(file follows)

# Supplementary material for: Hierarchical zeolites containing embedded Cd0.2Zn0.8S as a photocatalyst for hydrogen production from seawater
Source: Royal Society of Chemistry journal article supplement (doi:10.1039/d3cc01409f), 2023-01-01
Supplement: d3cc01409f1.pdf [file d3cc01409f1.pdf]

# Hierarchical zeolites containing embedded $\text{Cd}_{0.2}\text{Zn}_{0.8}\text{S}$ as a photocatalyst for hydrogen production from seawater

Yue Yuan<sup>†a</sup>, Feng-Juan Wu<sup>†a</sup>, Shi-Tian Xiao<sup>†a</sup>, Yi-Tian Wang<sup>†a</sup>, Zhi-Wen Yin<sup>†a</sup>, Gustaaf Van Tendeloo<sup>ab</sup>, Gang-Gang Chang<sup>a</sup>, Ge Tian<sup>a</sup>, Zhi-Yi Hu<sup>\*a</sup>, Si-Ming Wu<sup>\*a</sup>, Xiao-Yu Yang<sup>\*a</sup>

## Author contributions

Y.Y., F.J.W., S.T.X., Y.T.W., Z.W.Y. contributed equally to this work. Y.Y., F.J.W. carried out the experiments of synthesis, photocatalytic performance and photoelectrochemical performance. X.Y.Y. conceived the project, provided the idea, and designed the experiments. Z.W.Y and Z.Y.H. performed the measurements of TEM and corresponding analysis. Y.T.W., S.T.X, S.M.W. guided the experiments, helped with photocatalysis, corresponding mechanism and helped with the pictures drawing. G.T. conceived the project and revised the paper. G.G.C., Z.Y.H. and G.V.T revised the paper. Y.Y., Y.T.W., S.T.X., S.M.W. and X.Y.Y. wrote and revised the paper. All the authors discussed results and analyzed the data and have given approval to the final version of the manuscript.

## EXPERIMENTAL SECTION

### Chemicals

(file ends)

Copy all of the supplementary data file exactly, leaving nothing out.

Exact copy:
# Supplementary material for: Hierarchical zeolites containing embedded Cd0.2Zn0.8S as a photocatalyst for hydrogen production from seawater
Source: Royal Society of Chemistry journal article supplement (doi:10.1039/d3cc01409f), 2023-01-01
Supplement: d3cc01409f1.pdf [file d3cc01409f1.pdf]

# Hierarchical zeolites containing embedded $\text{Cd}_{0.2}\text{Zn}_{0.8}\text{S}$ as a photocatalyst for hydrogen production from seawater

Yue Yuan<sup>†a</sup>, Feng-Juan Wu<sup>†a</sup>, Shi-Tian Xiao<sup>†a</sup>, Yi-Tian Wang<sup>†a</sup>, Zhi-Wen Yin<sup>†a</sup>, Gustaaf Van Tendeloo<sup>ab</sup>, Gang-Gang Chang<sup>a</sup>, Ge Tian<sup>a</sup>, Zhi-Yi Hu<sup>\*a</sup>, Si-Ming Wu<sup>\*a</sup>, Xiao-Yu Yang<sup>\*a</sup>

## Author contributions

Y.Y., F.J.W., S.T.X., Y.T.W., Z.W.Y. contributed equally to this work. Y.Y., F.J.W. carried out the experiments of synthesis, photocatalytic performance and photoelectrochemical performance. X.Y.Y. conceived the project, provided the idea, and designed the experiments. Z.W.Y and Z.Y.H. performed the measurements of TEM and corresponding analysis. Y.T.W., S.T.X, S.M.W. guided the experiments, helped with photocatalysis, corresponding mechanism and helped with the pictures drawing. G.T. conceived the project and revised the paper. G.G.C., Z.Y.H. and G.V.T revised the paper. Y.Y., Y.T.W., S.T.X., S.M.W. and X.Y.Y. wrote and revised the paper. All the authors discussed results and analyzed the data and have given approval to the final version of the manuscript.

## EXPERIMENTAL SECTION

### Chemicals